Adjustments Essential to Maintaining Tricare, Official Says
By Sgt. Sara Wood, USA
American Forces Press Service
WASHINGTON, Feb. 2, 2006 Adjustments to the Tricare program are necessary to ensure military health benefits are maintained at a superior level for many years, a Defense Department official said here yesterday.
The much-anticipated changes, which will be introduced next week with the release of the Quadrennial Defense Review and the president's budget request, will not change the benefits military beneficiaries receive under the program, Dr. William Winkenwerder Jr., assistant secretary of defense for health affairs, said at the State of the Military Health System 2006 Annual Conference.
"Sustaining the benefit is about making needed adjustments that are fair, that are thoughtful, that are equitable, and that go a long way towards sustaining the superior program that we have today," Winkenwerder said.
Program adjustments will not affect active-duty military members or their families, said Army Brig. Gen. Elder Granger, deputy director and program executive officer of the Tricare Management Activity.
"We know we have a nation that is at war, and we're going to continue to make sure that we maintain those superb benefits that we need to support this long and drawn out global war on terrorism," Granger said.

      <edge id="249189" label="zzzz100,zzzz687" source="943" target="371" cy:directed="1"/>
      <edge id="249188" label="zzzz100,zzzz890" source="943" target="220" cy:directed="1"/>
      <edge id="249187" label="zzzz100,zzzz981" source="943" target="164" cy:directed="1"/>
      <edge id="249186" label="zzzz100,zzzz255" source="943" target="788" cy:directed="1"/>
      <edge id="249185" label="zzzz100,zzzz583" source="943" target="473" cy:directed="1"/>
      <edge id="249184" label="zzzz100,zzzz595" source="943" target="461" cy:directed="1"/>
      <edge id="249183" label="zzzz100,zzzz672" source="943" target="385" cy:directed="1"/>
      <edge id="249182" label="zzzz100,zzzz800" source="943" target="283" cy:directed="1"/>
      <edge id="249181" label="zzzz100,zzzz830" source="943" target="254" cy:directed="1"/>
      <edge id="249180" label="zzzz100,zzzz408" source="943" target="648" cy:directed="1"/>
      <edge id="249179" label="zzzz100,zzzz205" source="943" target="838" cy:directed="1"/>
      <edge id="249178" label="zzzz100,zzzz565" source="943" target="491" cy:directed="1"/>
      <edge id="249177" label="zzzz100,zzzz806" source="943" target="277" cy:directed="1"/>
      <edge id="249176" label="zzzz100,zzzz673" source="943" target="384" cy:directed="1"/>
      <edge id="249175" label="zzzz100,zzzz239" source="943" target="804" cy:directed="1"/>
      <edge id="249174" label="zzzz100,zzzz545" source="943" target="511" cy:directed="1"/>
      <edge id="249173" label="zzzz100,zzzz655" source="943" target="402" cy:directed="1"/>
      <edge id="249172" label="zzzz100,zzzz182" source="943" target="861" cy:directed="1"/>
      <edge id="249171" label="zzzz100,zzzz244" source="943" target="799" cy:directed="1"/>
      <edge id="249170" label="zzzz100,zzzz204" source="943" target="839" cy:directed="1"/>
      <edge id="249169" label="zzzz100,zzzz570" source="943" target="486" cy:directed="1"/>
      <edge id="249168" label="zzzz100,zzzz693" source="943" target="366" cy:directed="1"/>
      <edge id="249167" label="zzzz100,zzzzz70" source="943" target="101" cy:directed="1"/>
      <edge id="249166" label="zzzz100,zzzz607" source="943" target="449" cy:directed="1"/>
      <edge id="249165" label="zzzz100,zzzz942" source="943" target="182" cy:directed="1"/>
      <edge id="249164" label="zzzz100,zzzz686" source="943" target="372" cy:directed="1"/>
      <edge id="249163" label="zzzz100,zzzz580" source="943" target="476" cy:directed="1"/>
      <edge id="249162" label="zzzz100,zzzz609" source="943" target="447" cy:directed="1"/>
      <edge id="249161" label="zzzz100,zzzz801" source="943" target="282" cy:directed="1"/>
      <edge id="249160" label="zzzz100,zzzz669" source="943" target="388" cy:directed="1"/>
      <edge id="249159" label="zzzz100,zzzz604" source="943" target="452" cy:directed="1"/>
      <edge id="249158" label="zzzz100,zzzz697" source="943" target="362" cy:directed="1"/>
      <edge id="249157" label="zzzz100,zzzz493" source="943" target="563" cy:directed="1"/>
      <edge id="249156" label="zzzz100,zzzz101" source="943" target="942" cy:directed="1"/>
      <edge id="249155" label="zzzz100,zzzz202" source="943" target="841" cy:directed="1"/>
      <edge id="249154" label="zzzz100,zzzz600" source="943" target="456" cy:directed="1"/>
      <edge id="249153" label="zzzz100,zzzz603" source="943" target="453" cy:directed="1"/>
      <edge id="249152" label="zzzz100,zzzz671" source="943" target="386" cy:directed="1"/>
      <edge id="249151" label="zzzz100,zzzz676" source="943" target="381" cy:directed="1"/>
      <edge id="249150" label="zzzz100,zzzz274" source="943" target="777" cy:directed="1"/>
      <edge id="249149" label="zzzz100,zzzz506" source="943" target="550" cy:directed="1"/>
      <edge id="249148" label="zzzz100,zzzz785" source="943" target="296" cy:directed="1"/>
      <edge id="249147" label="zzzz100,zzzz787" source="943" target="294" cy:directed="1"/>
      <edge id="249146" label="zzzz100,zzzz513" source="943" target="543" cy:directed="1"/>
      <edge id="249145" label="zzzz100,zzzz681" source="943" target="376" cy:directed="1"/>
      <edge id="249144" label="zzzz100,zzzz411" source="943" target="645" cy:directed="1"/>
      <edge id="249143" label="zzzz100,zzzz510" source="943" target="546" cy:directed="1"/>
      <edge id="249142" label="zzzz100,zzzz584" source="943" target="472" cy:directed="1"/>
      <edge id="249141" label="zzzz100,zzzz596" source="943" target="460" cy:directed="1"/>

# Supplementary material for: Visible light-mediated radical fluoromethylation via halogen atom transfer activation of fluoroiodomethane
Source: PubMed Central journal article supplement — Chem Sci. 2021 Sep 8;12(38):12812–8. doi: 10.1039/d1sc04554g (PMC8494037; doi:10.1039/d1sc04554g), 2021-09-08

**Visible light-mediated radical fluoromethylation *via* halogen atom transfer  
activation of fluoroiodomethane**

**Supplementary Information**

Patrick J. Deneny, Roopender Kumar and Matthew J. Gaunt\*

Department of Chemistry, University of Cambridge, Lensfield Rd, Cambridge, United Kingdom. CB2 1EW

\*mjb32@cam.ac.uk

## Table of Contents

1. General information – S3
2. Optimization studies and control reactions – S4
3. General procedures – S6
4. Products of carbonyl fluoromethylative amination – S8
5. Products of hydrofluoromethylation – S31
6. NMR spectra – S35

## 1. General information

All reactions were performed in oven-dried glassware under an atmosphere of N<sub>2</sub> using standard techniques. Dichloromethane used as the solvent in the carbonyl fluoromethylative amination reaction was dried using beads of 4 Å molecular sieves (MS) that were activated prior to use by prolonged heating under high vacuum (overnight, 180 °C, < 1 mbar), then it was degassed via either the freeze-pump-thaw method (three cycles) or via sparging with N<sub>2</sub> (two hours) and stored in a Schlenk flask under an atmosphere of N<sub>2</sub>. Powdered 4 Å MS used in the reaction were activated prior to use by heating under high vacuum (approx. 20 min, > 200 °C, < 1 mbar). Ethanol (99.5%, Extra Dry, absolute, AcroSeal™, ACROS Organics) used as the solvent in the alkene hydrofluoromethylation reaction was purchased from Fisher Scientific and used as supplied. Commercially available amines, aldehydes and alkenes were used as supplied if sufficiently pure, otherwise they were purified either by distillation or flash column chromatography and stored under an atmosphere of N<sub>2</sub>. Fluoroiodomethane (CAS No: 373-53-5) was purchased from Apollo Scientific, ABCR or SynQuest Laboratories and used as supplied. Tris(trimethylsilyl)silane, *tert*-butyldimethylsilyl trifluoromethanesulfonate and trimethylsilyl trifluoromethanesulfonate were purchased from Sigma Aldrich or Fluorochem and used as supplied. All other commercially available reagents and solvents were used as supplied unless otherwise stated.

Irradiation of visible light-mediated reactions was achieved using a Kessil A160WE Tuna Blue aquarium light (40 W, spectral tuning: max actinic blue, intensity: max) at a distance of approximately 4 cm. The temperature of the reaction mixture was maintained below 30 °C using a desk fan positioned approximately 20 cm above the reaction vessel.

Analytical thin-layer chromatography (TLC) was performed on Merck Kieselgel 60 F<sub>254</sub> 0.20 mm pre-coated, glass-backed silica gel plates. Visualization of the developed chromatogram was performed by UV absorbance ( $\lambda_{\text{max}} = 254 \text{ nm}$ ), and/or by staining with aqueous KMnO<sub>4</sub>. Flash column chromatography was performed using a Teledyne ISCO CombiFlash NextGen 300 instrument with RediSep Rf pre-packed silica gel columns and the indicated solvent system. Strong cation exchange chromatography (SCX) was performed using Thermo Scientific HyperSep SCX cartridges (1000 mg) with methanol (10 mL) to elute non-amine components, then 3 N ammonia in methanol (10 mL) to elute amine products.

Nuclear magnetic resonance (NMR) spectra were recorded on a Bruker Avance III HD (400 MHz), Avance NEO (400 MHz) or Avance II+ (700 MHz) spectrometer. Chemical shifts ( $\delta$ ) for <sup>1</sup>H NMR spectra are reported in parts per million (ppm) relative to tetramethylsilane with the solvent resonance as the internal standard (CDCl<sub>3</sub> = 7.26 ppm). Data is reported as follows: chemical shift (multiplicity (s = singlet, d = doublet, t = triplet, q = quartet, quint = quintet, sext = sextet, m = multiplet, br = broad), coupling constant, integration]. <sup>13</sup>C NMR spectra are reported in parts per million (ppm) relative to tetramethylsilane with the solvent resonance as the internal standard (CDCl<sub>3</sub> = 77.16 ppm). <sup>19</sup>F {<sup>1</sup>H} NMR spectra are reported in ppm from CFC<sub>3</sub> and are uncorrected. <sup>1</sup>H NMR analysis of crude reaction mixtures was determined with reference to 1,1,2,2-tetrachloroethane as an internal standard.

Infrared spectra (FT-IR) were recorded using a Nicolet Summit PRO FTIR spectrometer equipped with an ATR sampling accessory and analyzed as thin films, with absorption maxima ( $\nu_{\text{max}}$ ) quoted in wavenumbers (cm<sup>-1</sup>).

The adjustments, which will affect enrollment costs and other fees, will apply to the large military retiree population served by Tricare. Raising costs to beneficiaries is a controversial issue, but DoD cannot keep up its medical system if the costs keep increasing at the rate they have been, Winkenwerder said.
"We are recognizing a reality that we have in front of us, and not to act or not to take appropriate steps to recognize that reality would be placing the promise of a great health benefit at risk," he said. "Doing nothing is not a secure foundation for the future."
Health costs for the military have been rising at an increasingly higher rate in the past five years, due to added and expanded benefits, reduced cost contributions, regular health inflation, and a growing population of retirees under the age of 65, Winkenwerder said. Costs have doubled in five years, he said, and if they continue at this rate, it is estimated that the health system will take up 12 percent of the DoD budget, at $64 billion, by 2015.
Determining what adjustments will be made has been a long process, involving the surgeons general of the services, the service chiefs, the Joint Staff, assistant secretaries for manpower and readiness, and personnel chiefs, Winkenwerder said. It has been a joint effort, and all the entities approve of the results, he said.
"There's agreement that this is the right approach, and the leadership is very much in agreement that what the department is putting forward is appropriate, prudent, fair, equitable and necessary," he said.
The military health system will employ other strategies to make operations more efficient and save money, Winkenwerder said. DoD will promote generic drug use in pharmacies, the use of the mail-order pharmacy, better hospital use, and joint procurement with the Veterans Affairs Department, he said. DoD's new electronic record system also will save the department money by reducing medical errors and speeding up the movement of information, he added.
DoD's only motivation in making these changes is to ensure health benefits are maintained at their current level, Winkenwerder said. The proposed changes will save billions of dollars over the years and will allow the department to sustain the best health system in the country, he said.
"It is a fantastic benefit, and I am absolutely delighted that that's what has been built," he said. "Our goal is to sustain that, to keep that for the future."